WASHINGTON — The American Financial Services Association has sued Philadelphia, charging that the city exceeded its authority in April when it passed an ordinance regulating so-called predatory lending.

The trade group argues that the city lacks authority to legislate in the financial services arena and therefore should not have done so.

“What we’re seeing here is, a law was passed in the City Council of Philadelphia, and that law was passed without appropriate authority in their home rule charter,” Randy Lively, president and chief executive of the trade group, said in an interview. “We have taken the position that Philadelphia overreached its authority, and we are seeking a remedy of that overreaching.”

Though banks, thrifts, and credit unions are exempted, their subprime affiliates or subsidiaries would be subject to the ordinance’s provisions.

A preliminary hearing on the association’s suit for injunctive relief, originally scheduled for Thursday, was postponed. Though no new date was set, Mr. Lively said a hearing would “certainly” occur before July 19, when the ordinance is to take effect.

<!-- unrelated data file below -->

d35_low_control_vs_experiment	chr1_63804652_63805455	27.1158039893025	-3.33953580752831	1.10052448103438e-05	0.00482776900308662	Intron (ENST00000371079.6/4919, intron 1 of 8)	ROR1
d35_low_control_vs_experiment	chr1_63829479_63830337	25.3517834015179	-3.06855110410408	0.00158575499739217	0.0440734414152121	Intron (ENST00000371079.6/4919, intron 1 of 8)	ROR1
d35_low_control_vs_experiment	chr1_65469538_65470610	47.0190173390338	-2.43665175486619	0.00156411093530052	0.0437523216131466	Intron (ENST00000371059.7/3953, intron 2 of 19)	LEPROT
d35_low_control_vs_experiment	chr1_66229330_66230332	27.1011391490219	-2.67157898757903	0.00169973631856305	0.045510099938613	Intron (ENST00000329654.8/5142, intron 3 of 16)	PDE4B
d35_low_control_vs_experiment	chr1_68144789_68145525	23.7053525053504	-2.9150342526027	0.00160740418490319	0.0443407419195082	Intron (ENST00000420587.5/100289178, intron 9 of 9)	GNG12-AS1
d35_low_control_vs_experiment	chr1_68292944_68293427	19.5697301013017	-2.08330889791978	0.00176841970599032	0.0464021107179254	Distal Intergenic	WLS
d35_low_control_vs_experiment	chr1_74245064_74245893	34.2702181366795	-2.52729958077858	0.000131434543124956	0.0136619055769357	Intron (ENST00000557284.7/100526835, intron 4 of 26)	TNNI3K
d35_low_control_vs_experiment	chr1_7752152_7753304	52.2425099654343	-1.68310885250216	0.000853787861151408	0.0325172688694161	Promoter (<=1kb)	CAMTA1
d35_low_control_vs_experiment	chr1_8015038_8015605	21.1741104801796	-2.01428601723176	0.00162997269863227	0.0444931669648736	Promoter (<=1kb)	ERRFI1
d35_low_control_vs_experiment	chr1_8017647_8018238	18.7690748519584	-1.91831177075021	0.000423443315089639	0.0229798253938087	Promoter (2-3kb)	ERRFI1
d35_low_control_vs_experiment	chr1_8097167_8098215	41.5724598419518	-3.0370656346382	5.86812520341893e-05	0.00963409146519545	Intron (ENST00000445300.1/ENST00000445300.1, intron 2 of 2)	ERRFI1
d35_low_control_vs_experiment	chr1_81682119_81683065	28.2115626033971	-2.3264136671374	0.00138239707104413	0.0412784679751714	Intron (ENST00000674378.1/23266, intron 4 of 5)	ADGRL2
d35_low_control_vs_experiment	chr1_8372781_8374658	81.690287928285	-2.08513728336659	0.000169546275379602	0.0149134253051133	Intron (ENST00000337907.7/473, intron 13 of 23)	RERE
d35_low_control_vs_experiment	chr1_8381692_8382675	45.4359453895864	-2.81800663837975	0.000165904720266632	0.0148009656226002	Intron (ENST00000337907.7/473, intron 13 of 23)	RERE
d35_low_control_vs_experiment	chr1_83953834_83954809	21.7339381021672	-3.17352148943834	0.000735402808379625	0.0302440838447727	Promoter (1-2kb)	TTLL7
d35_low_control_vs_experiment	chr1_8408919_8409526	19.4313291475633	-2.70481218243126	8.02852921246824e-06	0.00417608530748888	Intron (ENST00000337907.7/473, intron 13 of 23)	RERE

The ordinance, passed unanimously by the City Council on April 5, failed to win the mayor’s signature. Mayor John Street did not veto the bill, which would have prevented its implementation, but returned it to the council on April 19 without a signature, calling it “seriously flawed.” His action delayed the measure’s effective date by three months.

The ordinance, if upheld, would “start a process of Balkanizing the legislation and regulation of consumer financial services, which would put industry in the uncommon position of having to comply with municipality, state, and federal … requirements,” Mr. Lively said. “It would become such a confused landscape that I doubt seriously that companies could contend with the oversight processes.”

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